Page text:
In the world of medicine, blood clots during hospitalization have become synonymous with imperfect care. As many as 600,000 patients per year experience a blood clot, and more than 100,000 die as a result, accounting for between 5 and 10 percent of hospital deaths. Regulatory agencies have taken clots as signals that safety and quality have been compromised, and have instituted significant financial penalties on physicians and hospitals for these “preventable events.”
In reality, clots aren’t always as preventable in real-world practice as they are in theory. Blood clots happen even under conditions of perfect, best-practice patient care, which should be seen as testimony to the limits of penalty schemes aiming to improve the quality of care. These penalties should be re-examined.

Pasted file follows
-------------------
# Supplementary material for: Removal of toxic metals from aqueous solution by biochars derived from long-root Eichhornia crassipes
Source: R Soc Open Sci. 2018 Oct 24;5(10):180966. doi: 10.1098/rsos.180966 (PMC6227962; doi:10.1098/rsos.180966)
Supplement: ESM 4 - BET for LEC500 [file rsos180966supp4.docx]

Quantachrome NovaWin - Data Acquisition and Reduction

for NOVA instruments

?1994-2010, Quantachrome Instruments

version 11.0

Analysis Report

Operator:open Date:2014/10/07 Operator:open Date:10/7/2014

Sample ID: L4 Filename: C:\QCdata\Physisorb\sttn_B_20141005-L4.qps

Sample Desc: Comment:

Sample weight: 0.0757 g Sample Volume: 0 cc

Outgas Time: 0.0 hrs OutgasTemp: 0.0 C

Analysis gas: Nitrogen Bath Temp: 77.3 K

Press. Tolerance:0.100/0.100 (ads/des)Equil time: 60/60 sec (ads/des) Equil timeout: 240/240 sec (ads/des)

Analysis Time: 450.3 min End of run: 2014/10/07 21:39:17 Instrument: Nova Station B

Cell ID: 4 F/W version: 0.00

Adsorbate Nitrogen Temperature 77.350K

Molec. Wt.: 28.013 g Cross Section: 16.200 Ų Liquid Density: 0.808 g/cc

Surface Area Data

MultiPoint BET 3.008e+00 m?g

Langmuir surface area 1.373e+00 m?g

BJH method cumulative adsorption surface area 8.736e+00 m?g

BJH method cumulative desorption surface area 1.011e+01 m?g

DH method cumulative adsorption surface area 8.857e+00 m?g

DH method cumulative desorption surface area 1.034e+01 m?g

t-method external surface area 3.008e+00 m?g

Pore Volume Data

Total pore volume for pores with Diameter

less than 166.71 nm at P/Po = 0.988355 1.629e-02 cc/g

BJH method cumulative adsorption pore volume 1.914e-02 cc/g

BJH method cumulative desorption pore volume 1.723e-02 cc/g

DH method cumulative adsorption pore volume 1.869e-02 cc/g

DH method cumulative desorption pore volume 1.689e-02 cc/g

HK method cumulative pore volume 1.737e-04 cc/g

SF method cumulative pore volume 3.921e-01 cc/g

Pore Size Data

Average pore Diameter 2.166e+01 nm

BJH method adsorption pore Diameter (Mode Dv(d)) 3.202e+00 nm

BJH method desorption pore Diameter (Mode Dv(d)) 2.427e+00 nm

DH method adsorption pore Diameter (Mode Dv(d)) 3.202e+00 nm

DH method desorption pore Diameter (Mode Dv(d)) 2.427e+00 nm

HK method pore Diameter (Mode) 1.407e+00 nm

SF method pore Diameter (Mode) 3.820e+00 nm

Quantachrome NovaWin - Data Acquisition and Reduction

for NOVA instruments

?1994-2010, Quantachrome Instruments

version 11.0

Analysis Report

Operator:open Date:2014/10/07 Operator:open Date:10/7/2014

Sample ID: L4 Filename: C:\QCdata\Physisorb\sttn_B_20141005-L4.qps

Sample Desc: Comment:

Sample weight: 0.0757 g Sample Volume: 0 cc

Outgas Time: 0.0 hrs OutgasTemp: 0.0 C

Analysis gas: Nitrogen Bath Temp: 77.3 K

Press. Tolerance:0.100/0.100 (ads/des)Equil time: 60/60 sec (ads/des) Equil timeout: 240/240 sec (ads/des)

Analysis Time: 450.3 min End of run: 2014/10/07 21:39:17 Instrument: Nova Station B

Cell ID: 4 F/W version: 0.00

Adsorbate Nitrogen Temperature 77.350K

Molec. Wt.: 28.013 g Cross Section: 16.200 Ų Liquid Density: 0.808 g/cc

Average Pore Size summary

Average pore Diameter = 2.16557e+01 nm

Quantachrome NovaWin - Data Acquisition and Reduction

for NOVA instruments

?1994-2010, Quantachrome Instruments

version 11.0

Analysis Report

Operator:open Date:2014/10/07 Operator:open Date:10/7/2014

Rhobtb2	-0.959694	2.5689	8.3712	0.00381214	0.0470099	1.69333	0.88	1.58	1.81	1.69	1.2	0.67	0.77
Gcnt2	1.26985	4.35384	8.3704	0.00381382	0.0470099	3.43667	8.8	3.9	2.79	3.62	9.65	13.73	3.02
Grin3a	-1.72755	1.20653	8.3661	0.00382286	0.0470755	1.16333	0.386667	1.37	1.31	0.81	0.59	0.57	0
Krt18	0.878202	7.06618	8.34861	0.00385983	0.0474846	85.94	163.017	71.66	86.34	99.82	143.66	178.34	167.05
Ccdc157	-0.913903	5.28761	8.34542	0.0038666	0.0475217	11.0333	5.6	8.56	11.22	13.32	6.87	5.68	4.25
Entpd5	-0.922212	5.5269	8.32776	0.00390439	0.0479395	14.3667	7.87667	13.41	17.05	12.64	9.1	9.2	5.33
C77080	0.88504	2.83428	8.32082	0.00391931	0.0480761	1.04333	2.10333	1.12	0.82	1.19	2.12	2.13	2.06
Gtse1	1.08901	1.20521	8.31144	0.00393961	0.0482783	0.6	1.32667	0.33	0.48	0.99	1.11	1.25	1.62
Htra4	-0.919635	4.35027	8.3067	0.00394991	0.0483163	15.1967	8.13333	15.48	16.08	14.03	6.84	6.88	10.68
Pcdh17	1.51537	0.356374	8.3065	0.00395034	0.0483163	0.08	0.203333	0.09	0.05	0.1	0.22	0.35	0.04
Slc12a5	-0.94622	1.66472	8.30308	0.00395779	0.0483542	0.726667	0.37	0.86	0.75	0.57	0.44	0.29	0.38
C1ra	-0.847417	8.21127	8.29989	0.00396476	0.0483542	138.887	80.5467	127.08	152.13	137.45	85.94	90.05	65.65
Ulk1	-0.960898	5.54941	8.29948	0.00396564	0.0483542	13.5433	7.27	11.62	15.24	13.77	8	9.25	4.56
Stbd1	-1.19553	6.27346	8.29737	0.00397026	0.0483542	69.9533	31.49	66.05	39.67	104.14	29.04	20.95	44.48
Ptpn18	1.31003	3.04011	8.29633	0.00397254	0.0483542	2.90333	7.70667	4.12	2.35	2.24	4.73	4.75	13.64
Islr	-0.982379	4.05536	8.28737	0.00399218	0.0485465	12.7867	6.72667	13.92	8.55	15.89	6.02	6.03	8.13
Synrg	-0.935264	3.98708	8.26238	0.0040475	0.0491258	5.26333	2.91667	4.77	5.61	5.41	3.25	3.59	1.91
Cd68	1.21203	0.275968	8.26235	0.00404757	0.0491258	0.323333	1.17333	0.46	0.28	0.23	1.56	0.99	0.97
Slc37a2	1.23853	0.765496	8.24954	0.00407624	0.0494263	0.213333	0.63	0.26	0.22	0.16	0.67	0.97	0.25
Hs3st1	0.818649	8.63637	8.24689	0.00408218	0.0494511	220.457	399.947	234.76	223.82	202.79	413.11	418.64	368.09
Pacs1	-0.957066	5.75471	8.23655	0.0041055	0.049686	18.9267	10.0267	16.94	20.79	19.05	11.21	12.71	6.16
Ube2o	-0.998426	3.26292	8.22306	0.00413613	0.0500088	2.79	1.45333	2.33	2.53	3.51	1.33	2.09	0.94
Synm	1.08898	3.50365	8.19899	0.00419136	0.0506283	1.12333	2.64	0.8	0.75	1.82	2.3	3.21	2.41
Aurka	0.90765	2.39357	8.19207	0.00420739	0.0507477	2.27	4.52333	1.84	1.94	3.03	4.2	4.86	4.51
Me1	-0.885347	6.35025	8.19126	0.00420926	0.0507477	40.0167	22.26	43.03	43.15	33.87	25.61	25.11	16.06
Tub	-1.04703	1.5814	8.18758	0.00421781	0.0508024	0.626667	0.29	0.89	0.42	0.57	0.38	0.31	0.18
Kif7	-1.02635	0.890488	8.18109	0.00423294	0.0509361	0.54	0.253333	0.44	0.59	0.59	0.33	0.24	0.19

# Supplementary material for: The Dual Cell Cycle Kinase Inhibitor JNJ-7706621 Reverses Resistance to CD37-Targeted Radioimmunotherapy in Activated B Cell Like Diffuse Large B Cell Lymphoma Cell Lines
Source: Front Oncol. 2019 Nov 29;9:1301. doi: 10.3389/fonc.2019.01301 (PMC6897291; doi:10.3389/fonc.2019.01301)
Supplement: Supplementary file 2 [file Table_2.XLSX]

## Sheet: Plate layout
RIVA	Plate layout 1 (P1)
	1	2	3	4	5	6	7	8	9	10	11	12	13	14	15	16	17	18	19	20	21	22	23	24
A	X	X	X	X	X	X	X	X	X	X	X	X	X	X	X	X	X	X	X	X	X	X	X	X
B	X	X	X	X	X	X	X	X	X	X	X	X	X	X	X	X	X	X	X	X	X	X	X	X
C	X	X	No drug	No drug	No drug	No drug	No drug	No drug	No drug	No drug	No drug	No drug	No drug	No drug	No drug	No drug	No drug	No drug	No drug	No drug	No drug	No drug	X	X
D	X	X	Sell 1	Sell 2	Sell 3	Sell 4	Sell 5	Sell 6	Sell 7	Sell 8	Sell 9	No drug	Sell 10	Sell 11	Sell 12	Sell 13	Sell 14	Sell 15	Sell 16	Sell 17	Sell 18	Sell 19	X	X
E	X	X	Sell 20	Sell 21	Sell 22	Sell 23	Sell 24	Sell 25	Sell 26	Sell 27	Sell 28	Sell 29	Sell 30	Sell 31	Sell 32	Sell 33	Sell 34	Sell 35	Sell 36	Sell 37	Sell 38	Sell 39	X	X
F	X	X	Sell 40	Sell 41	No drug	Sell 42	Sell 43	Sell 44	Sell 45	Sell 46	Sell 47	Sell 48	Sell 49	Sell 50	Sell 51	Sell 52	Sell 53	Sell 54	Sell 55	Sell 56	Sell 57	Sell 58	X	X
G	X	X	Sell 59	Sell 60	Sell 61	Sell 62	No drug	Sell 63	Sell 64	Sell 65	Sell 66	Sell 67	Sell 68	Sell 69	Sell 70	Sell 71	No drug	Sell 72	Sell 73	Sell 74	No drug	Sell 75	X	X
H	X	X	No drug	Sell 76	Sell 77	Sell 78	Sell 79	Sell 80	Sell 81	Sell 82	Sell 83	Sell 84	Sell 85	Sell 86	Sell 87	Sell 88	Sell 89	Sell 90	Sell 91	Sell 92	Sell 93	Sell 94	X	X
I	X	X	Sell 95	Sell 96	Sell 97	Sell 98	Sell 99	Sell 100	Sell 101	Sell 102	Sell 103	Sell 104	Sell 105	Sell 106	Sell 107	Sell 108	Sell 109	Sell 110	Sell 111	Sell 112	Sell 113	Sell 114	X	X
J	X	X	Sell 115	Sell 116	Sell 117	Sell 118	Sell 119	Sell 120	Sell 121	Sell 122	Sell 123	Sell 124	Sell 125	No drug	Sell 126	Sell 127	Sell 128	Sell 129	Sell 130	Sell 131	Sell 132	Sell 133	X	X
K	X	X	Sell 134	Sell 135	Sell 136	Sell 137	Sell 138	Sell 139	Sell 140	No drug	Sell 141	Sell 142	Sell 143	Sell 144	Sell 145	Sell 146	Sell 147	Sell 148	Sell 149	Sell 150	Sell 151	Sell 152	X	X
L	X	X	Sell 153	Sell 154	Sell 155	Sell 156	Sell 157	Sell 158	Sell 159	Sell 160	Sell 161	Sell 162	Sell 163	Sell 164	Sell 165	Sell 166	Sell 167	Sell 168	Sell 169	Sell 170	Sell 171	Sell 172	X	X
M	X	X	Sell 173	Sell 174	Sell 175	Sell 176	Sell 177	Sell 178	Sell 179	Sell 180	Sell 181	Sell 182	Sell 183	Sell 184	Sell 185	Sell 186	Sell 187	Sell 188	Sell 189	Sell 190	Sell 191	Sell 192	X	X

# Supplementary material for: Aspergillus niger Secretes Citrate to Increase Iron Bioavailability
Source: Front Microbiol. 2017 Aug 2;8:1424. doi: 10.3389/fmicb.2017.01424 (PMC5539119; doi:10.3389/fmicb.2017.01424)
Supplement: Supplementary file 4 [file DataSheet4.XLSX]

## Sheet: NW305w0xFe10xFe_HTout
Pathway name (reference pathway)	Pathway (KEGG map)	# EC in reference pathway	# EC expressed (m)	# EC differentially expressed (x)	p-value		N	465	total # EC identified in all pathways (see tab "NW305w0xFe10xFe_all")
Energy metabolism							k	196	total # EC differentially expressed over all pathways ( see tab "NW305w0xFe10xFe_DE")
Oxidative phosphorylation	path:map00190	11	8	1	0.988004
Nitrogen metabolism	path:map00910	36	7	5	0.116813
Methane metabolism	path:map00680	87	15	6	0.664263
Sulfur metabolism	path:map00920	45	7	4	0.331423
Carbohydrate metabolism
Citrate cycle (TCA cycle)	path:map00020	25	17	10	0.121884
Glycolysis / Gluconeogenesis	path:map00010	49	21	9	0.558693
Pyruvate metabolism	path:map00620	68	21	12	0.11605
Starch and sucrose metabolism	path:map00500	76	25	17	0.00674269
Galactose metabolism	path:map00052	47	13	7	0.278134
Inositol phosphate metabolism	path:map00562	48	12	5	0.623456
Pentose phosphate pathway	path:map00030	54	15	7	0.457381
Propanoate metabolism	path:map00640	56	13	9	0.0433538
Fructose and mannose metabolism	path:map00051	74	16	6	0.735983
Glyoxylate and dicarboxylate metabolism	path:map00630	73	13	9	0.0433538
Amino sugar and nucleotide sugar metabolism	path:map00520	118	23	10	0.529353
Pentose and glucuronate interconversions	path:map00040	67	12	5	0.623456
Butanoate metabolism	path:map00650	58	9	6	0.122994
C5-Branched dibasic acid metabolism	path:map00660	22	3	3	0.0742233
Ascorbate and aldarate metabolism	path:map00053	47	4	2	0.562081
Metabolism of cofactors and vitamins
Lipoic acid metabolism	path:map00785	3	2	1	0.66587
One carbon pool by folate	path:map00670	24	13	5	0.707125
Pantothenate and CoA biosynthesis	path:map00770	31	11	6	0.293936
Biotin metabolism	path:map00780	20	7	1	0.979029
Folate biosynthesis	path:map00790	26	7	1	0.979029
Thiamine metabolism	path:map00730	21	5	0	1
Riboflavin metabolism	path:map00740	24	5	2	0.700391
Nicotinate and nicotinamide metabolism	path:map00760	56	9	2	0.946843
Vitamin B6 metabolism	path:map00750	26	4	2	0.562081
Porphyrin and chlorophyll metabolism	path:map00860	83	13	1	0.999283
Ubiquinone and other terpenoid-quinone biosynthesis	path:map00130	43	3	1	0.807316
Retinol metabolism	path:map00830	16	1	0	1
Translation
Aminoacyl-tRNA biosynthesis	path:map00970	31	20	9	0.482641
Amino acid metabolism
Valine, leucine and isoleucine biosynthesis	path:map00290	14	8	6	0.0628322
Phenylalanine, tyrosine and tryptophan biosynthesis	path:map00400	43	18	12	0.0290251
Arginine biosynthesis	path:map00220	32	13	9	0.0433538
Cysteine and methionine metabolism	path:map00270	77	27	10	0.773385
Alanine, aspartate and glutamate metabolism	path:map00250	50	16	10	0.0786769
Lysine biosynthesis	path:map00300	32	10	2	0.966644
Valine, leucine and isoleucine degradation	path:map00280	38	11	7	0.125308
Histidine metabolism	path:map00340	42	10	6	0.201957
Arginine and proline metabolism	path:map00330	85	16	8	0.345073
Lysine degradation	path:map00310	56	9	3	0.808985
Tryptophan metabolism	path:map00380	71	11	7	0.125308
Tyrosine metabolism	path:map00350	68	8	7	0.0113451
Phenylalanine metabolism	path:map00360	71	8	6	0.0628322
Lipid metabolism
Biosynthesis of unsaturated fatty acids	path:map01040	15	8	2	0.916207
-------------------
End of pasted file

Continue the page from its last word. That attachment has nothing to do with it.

In a study recently published in JAMA Surgery of 128 blood clot or venous thromboembolism (VTE) cases, my team found that nearly 50 percent of the cases reviewed at The Johns Hopkins Hospital were not actually preventable. In fact, these patients received perfect care by all objective measures — all appropriate preventive measures were taken, including the prescription of the ideal medication and assuring that every dose of medicine was administered. Yet the blood clots still occurred, and the hospital was still financially penalized.